The standard serum was obtained from 5 randomly selected healthy female subjects. Serum samples examined in this study were obtained from 16 patients who fully met the criteria for diagnosis of AIH17; all of these patients were females in the age range of 21 to 72 years. As controls, serum samples obtained from age-matched healthy female subjects (n = 22), and patients with CH-C (n = 16) and elevated serum ALT levels (range, 100 to 829 U/L; median 237 U/L) were also examined.
Differences in mean anti-HMA titers in each group were assessed using Student t test. The correlation between anti-HMA titer and serum ALT levels was determined as the Spearman-correlation coefficient. A P value of less than 0.05 was considered significant.
Reactivity of Isolated MoAb to Various Human Cell Lines.
After the cloning procedure, we established a single clone, 2E3. This clone continued to produce λ type-IgM antibody. The specificity of the MoAb in the supernatant of 2E3 was examined by determining its reactivity to 4 cell lines, HuH7, HepG2, SS90, (gastric cancer) and MT (colon cancer) by flow cytometry. It reacted with HuH7 and HepG2, but not with the other 2 cell lines (Fig. 1). We also determined its reactivity with other cell lines. It reacted strongly with 3 hepatocyte-derived cell lines, HuH7, HuH2, and HepG2, with the FI ratio ranging from 7.2 to 16.7; however, it reacted weakly with others, the FI ratio ranging from 0.8 to 3.6. Thus, this MoAb reacted mainly with hepatocyte-derived cells.
Immunohistochemical Staining of Various Human Tissues With the MoAb.
To confirm the specificity of this MoAb, we undertook immunohistochemical staining of several tissue samples obtained by biopsy or at autopsy. Only liver tissue was positively stained by this MoAb (Figs. 2A and B). Specific fluorescence was observed only on the hepatocyte surface membrane. Thus, the MoAb produced by 2E3 specifically reacts with the suface membrane of hepatocytes (Fig. 1, Table 1).
Characterization of the Molecule in Hepatocyte Membranes Recognized by the MoAb.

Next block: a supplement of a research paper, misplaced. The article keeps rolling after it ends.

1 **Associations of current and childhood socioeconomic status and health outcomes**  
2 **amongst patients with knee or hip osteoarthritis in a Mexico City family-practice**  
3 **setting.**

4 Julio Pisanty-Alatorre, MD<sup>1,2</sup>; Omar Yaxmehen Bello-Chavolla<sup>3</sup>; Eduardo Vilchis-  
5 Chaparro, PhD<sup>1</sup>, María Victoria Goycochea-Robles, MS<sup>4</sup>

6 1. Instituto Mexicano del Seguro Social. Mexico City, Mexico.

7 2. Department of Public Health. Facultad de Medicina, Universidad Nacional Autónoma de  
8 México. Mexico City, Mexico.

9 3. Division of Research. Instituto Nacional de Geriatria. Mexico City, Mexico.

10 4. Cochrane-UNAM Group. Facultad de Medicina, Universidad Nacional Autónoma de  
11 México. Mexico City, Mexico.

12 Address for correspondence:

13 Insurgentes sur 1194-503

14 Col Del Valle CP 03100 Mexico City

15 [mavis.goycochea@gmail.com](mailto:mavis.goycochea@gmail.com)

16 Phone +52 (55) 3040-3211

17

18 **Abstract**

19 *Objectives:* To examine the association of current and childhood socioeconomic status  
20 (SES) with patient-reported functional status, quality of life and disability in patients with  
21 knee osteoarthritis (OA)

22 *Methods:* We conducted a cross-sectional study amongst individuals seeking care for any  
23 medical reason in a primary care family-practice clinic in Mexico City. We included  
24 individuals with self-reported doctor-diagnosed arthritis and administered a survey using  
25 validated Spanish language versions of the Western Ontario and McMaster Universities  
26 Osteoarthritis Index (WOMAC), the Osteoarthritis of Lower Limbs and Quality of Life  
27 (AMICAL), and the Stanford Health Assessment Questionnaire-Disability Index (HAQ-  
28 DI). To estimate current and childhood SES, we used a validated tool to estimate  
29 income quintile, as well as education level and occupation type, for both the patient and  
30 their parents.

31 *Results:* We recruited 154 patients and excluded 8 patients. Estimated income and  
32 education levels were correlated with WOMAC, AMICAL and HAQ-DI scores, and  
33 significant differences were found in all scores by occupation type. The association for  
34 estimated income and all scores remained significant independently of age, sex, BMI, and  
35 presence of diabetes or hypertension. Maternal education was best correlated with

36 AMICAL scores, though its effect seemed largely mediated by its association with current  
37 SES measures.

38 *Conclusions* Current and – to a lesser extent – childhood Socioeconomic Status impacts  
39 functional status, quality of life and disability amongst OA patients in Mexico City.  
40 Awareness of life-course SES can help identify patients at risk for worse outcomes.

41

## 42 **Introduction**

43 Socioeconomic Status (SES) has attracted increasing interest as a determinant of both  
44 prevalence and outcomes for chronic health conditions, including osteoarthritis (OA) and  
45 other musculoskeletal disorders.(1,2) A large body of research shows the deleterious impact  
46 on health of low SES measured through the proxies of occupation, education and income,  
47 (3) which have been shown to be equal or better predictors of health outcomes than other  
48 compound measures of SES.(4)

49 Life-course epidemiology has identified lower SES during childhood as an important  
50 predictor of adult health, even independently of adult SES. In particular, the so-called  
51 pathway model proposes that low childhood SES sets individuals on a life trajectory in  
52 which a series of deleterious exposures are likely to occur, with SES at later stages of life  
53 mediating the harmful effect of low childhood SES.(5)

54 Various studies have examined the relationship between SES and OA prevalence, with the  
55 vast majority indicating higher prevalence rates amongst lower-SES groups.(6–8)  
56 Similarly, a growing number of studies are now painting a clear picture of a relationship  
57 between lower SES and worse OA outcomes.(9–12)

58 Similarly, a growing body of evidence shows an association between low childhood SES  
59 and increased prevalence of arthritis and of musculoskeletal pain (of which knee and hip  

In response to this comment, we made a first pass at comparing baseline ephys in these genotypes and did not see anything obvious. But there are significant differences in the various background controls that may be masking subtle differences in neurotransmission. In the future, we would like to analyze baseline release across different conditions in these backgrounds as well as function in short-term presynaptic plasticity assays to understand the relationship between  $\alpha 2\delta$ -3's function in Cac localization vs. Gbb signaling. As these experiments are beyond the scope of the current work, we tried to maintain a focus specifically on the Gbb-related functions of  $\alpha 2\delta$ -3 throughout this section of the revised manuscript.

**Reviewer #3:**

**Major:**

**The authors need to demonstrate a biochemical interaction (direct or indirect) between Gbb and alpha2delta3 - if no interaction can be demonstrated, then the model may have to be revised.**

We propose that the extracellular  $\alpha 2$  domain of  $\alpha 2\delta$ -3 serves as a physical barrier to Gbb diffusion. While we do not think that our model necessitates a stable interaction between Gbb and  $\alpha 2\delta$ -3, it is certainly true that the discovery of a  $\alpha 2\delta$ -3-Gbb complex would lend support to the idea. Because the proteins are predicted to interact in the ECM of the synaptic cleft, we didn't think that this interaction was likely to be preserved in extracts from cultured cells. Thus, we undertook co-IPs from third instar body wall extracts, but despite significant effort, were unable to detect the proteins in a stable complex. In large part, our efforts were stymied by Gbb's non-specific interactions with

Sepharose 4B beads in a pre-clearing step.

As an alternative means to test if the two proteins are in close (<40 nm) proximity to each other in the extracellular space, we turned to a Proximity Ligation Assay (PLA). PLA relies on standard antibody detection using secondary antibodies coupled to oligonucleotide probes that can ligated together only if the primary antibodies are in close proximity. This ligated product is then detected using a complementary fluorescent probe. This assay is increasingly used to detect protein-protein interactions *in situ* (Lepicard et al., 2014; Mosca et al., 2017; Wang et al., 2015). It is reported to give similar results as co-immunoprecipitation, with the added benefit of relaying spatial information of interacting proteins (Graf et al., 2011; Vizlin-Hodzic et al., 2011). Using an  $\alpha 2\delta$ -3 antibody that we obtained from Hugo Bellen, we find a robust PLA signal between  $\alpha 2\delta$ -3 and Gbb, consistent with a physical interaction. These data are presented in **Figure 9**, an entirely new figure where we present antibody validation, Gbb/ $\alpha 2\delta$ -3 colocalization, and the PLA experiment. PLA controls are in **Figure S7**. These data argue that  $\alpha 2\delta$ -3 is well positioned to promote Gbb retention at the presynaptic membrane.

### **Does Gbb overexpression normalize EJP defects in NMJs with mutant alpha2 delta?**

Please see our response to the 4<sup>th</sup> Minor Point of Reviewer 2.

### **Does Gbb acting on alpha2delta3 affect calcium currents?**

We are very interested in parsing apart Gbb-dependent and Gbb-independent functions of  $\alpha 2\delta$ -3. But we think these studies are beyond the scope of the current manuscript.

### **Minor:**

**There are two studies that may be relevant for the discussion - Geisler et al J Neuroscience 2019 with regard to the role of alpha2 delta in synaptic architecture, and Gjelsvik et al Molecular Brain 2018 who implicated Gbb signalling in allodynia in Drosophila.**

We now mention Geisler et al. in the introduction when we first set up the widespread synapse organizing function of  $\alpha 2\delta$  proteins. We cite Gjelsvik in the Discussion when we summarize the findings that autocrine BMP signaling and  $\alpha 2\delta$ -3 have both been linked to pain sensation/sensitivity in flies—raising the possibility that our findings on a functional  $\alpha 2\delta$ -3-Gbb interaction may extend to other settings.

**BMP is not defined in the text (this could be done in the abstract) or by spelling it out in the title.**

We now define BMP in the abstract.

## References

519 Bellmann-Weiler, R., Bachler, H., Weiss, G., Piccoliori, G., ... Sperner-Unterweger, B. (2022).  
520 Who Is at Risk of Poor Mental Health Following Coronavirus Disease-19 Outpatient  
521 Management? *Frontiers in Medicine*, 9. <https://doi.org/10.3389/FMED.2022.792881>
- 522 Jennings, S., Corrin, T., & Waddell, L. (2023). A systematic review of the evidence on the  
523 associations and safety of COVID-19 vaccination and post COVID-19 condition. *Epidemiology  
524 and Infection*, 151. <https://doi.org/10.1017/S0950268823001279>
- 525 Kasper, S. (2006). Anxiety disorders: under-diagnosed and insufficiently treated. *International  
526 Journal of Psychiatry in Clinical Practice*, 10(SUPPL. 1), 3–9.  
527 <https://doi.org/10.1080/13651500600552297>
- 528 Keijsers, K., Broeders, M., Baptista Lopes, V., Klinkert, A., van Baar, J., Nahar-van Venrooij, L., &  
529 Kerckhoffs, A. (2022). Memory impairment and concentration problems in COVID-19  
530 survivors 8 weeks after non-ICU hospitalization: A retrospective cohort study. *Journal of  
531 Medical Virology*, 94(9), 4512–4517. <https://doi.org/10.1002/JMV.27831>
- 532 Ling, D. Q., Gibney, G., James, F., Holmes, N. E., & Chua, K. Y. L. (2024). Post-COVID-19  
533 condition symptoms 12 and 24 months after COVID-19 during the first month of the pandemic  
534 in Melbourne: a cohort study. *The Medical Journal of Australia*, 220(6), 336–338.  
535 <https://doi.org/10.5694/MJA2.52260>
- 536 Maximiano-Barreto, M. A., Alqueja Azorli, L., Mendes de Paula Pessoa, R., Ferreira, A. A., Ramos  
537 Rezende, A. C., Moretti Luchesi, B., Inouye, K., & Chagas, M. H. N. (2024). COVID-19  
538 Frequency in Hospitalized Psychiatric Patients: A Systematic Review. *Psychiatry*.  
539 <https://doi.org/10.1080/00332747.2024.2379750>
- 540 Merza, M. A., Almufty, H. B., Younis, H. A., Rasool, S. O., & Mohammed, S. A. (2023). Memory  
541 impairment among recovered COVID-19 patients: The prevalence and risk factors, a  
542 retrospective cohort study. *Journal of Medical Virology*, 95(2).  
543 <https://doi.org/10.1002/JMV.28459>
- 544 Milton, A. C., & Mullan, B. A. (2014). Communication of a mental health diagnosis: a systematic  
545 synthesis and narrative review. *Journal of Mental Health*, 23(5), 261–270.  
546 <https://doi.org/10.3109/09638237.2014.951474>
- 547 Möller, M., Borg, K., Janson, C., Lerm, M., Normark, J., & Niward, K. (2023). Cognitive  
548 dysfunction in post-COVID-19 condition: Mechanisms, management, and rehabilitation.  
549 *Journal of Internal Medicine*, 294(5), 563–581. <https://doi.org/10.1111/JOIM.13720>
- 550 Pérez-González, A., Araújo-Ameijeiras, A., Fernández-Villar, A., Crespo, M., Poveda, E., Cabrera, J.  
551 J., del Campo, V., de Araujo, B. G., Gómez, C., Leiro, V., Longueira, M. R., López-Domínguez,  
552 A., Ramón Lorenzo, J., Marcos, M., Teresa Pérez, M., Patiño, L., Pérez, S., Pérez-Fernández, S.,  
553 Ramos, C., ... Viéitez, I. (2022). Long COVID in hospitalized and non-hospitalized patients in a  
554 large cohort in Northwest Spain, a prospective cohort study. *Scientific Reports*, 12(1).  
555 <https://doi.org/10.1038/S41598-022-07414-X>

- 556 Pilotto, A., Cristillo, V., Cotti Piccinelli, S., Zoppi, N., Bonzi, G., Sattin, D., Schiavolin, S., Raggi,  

Characteristics of this MoAb were determined using by immunoblotting. A 190 kDa molecule was precipitated by the MoAb in both HuH7 and HuH2 lysates, but not in control cell (MT) lysates (Fig. 3A). Using MM instead of the MoAb, no such precipitation occurred in these lysates (Fig. 3B).
Complement-Dependent Cytotoxicity Mediated by the MoAb.
To elucidate the biological properties of this MoAb, we examined whether it was able to kill target cells in the presence of fresh human serum. When 51Cr-labeled HuH2 cells were incubated with the MoAb in the presence of fresh human serum, an appreciable release of 51Cr occurred (Table 2). The cytolysis induced by the MoAb was also induced in HuH2 cells but not in SS90 (gastric cancer) or AlaGB (gallbladder cancer) cells. When control IgM was used instead of the MoAb, no significant cytolysis was observed. 2E3-dependent cytotoxic activity mediated by the MoAb was completely abrogated by heat-inactivation of human serum prior to its addition to cultures, indicating that cytotoxicity induced by this MoAb is complement-dependent.
|Target Cell Lines||Treated with|
|HuH2‡ (Hepatocellular carcinoma)||2.9 ± 1.9||33.6 ± 11.5||0.7 ± 0.9|
|SS90 (Gastric cancer)||0.0 ± 0.0||1.0 ± 1.4||0.6 ± 1.0|
|AlaGB (Gallbladder cancer)||0.0 ± 0.0||2.7 ± 0.3||0.8 ± 1.4|
Serum Titers of Autoantibody to HMA190.
We assessed whether an autoantibody like the one derived from 2E3 exists in the serum of patients with AIH. We found that the mean titer of IgM autoantibody was 3.44 ± 1.5 in patients with AIH, 1.33 ± 0.7 in healthy subjects, and 0.66± 0.6 in patients with CH-C; comparisons of data in patients with AIH with those in other cohorts yielded P values for that were less than .05. Furthermore, we did not find antibody to HMA190 of the IgG class in the same samples (Fig. 4b). The association between anti-HMA titers and serum ALT levels was examined in sera from patients with AIH. There was a significant correlation between anti-HMA titers and serum ALT levels (P = .016).
In this study, we generated a human MoAb using EBV-infected PBMC from a patient with type 1 AIH. A single clone, 2E3, produced IgM antibody (λ-type light chain) for more than a year. This MoAb reacted mainly with hepatocyte-derived cell lines (Fig. 1, Table 1) and liver tissue (Fig. 2). Some nonhepatocyte-derived cell lines also reacted with this MoAb, but this reactivity was much lower than that of hepatocyte-derived cells (Table 1). Furthermore, using this MoAb we did not find any specific fluorescence in non-liver tissues (Fig. 2). These findings suggest that even though a molecule recognized by this MoAb may be expressed by nonhepatocytes, this expression is much weaker than that expressed by hepatocytes.